- "Resisting Rhapsody: The Year of Alice Munro"

now this is what actual cultural criticism looks like

Think of it this way: The Internet itself isn’t evil, but what is Facebook if not a thing that relies on us incessantly sharing and documenting our lives and comparing them to others’ in perpetuity? The companies and platforms that, for many of us, comprise our experience of the web, have built structures that play to human emotion and desire with ruthless efficiency. Like any phenomenon, you can use these things against the grain, but by and large, we are embroiled in systems meant to extract something from us, whether that is time, feeling, data, or money—and not being able to shake the feeling you should be photographing this moment or checking your phone is part of that.

Is technology inherently alienating or disconnecting? Well, no—it isn’t inherently anything, but our current exposure to digital technology is shaped and purposed by a set of large companies who have gotten really good at exploiting human sentiment. Oversimplifying the discourse to say that it is “technology” in general that it is blame for our alienation—rather than the networks and entities who are dominating those tools—is only hurting, rather than helping the situation.

- Navneet Alang

Monday, January 13, 2014

folks, that's how it's done downtown

As he nears the end of his tale, every part of his story seems to be connected to every other part in mysterious ways. For instance, his coma began on Monday, November 10, and by Saturday, "it had been raining for five days straight, ever since the afternoon of my entrance into the ICU." Then, on Sunday, after six days of torrents, just before he woke up, the rain stopped:

To the east, the sun was shooting its rays through a chink in the cloud cover, lighting up the lovely ancient mountains to the west and the layer of cloud above as well, giving the gray clouds a golden tinge. 

Then, looking toward the distant peaks, opposite to where the mid-November sun was starting its ascent, there it was. 

A perfect rainbow. 

It was as though heaven itself was cheering Alexander's return.

Dave Wert, meteorologist in charge at the National Oceanic and Atmospheric Administration office that encompasses Lynchburg, reviews the weather records for the week of November 10 through 16. "There was nothing on the tenth," he says. "Nothing on the eleventh...two hundredths of an inch on the twelfth." The next three days, he says, were rainy and miserable. Then the storm appeared to break on the evening of the fifteenth. The sixteenth was another clear day.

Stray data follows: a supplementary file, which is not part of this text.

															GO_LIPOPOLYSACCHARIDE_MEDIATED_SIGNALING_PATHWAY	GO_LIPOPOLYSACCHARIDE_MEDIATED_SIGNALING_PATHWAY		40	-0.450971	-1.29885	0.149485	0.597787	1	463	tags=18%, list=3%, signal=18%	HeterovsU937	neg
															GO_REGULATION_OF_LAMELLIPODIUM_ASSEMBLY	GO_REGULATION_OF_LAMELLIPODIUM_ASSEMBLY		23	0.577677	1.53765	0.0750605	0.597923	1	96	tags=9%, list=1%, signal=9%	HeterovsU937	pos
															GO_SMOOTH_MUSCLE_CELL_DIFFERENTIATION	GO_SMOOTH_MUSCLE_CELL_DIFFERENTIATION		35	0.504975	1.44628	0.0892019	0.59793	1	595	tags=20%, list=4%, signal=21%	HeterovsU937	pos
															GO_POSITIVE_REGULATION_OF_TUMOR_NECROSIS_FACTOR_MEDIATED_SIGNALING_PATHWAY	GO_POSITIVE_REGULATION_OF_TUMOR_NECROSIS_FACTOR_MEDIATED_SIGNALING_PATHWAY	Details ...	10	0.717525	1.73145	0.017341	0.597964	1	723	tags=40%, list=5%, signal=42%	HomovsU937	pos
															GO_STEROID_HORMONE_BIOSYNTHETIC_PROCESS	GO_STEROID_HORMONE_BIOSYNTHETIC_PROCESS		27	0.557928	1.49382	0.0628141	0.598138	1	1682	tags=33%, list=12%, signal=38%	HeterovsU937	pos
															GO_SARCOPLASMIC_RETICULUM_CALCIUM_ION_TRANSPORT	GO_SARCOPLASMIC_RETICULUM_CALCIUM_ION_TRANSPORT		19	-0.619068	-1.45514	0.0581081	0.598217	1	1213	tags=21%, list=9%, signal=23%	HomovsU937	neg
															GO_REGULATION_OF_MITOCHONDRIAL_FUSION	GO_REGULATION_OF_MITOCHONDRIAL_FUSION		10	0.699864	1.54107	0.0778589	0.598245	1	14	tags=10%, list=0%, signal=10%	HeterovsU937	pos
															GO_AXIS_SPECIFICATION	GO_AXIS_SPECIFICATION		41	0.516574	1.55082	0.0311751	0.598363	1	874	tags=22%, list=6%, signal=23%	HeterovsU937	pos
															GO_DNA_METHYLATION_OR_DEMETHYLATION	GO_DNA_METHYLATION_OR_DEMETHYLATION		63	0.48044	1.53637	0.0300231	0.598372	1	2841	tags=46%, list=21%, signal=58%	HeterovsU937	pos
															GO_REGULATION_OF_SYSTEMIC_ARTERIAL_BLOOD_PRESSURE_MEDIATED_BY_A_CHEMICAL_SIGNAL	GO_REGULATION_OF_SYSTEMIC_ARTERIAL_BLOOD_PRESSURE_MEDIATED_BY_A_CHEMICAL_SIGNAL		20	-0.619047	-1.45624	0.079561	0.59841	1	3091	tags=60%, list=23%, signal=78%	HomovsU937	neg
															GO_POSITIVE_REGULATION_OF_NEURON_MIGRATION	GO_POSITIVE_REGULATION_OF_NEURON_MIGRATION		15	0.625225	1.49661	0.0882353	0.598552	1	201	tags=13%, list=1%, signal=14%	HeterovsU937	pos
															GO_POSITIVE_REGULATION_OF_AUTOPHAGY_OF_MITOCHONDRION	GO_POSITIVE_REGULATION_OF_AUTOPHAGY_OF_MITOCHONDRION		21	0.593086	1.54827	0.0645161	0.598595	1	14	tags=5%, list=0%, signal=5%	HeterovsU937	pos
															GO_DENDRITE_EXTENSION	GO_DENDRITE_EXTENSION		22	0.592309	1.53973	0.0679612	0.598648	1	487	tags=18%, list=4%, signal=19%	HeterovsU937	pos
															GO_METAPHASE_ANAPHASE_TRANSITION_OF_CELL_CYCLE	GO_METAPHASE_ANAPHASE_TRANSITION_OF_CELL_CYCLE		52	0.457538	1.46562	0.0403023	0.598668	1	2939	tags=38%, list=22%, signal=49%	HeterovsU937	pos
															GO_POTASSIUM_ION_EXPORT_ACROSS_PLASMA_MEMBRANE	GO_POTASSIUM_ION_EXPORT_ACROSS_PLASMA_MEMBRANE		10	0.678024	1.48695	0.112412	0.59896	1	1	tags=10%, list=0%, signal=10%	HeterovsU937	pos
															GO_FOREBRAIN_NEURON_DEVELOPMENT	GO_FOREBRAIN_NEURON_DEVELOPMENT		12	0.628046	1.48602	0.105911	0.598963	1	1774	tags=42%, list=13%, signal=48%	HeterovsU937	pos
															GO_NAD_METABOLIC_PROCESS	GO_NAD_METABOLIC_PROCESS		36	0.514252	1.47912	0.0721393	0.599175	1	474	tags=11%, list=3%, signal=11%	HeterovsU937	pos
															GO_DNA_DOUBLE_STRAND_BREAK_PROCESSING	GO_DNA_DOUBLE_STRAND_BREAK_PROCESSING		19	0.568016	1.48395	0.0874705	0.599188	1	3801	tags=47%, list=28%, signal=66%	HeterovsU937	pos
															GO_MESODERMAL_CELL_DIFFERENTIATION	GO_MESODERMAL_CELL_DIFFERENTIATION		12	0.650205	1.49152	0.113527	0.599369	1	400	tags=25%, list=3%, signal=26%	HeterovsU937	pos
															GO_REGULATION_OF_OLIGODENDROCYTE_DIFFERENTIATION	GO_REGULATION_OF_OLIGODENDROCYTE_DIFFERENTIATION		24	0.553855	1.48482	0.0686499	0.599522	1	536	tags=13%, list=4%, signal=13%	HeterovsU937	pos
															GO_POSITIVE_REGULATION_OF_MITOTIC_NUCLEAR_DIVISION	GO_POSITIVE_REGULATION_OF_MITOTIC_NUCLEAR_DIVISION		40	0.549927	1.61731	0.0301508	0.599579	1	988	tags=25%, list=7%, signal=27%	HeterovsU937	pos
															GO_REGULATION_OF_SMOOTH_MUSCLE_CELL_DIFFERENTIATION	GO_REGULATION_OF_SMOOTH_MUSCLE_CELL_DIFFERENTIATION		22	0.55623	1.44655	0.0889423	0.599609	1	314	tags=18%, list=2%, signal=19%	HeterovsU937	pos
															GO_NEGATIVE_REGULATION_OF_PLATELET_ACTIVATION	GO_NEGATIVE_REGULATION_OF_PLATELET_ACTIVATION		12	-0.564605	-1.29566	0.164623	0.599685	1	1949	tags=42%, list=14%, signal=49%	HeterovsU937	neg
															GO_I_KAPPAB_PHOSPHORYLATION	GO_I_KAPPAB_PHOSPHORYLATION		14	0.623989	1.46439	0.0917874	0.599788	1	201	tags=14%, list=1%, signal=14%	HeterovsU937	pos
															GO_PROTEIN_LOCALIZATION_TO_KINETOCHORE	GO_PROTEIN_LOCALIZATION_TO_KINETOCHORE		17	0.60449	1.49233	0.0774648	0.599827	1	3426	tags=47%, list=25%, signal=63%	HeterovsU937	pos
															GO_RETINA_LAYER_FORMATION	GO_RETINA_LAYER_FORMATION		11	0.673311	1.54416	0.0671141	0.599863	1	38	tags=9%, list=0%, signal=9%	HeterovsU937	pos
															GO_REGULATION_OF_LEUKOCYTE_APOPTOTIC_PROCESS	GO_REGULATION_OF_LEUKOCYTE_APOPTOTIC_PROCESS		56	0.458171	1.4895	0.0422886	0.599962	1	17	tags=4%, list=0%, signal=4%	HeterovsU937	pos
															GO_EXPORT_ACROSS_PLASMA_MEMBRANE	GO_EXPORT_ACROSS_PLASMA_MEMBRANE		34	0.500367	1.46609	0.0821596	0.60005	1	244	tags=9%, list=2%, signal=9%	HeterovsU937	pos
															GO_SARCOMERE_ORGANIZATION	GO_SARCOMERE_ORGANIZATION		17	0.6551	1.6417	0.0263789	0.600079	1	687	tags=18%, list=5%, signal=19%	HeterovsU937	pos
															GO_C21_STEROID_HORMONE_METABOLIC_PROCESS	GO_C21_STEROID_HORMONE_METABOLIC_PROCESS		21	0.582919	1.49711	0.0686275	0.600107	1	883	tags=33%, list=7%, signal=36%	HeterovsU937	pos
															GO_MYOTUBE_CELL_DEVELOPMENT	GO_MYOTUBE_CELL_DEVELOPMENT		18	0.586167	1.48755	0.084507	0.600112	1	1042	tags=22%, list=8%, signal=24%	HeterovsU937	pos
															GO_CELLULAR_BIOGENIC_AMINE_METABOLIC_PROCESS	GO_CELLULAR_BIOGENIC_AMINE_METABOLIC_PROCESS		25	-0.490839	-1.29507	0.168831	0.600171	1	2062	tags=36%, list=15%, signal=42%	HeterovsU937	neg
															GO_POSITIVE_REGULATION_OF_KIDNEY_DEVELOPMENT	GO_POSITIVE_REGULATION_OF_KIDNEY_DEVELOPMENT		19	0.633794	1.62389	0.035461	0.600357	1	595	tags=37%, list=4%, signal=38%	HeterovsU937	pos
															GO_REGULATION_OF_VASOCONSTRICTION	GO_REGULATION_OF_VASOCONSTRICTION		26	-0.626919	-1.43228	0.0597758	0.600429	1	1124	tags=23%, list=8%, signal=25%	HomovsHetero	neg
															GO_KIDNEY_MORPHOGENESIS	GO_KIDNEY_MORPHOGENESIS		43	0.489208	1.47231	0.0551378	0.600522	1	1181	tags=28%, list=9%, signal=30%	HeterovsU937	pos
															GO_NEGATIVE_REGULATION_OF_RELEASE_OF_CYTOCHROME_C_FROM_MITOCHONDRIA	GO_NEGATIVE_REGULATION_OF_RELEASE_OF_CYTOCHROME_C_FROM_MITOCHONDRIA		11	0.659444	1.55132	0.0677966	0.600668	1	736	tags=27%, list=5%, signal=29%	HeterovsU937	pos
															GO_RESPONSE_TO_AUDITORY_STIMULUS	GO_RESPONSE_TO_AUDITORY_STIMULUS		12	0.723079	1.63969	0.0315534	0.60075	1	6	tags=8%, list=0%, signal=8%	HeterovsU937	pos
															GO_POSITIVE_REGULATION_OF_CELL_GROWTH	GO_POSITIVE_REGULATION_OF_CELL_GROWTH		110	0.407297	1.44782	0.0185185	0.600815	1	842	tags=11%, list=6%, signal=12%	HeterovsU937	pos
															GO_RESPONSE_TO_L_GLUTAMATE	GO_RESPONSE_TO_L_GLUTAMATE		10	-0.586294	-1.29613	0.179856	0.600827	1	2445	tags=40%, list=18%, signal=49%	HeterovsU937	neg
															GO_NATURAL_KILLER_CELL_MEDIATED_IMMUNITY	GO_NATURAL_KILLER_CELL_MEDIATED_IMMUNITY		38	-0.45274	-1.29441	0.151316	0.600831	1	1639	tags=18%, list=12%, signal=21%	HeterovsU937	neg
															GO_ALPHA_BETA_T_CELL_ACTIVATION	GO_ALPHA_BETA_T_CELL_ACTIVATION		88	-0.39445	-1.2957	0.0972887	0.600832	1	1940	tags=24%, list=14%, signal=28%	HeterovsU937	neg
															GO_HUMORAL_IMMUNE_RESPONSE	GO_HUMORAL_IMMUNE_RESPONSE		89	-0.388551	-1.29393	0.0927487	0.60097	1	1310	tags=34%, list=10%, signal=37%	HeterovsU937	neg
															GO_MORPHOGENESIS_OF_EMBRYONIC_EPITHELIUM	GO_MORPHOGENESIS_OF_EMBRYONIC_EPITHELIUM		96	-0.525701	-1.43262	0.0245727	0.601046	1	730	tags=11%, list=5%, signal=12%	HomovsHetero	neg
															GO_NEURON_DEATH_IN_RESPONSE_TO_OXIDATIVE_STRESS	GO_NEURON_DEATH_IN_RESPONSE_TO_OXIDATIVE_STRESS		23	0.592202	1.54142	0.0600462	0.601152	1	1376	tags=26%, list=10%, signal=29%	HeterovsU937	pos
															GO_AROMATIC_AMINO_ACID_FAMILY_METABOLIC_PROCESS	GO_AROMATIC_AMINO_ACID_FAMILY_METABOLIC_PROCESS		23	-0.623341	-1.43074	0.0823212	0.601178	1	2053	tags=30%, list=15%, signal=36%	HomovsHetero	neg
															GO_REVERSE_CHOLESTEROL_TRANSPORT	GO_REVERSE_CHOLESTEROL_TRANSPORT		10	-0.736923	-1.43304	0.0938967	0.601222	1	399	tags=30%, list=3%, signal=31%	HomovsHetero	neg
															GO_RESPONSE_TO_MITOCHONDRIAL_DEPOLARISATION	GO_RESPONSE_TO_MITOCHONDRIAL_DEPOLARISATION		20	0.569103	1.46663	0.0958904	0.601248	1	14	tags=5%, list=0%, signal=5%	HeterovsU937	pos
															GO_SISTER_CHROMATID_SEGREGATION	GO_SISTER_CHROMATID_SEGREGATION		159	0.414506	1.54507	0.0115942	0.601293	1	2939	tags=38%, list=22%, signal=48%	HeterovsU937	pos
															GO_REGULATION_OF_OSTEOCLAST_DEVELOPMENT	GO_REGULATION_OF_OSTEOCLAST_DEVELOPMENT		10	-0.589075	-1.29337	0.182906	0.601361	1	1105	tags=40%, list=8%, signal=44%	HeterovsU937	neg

Could there have been a rainbow on the morning of the sixteenth?

"No," he says.

- Luke Dittrich

bad grammar is dangerous

For a lot of people, good grammar is like the opera — elitist and snobby. Never mind that opera tickets cost less than the nose-bleeders at almost any sporting event in the country or that the stories in opera are as Everyman as it gets: boy meets girl, boy loses girl. It’s all about perception. And if you say less fat, fewer calories, maybe people get the idea you are pretentious, and if pretentious, unpalatable. This is why so many of us don’t use capital letters when we email — because it looks stuffy. Which would all be fine were it not the case that bad grammar falls into the same category as bad prose writing, which heralds the depredation of our culture and the exaltation of fascism. Seems like a bold statement, and it is, until you reread George Orwell’s “Politics and the English Language” which seems every bit as urgent today as it must have in ’46 despite fascism’s being less potent now than it was then. In the essay, Orwell contends that imprecision (and what is poor grammar but the handmaid of imprecision?) allows propaganda to thrive. Imprecision allows you to say one thing when you really mean another, or at least to obfuscate whatever it is that you do mean. Imprecision favors political conformity by relieving all of us of the burden to think. When’s the last you heard a politician who made you think? All you heard were the same hackneyed phrases and idioms that say, in essence, go to sleep now, the machine’s well-oiled. As Charles Baxter writes in his wonderful essay “On Defamiliarization,” the kingdom is running smoothly because no one is learning anything.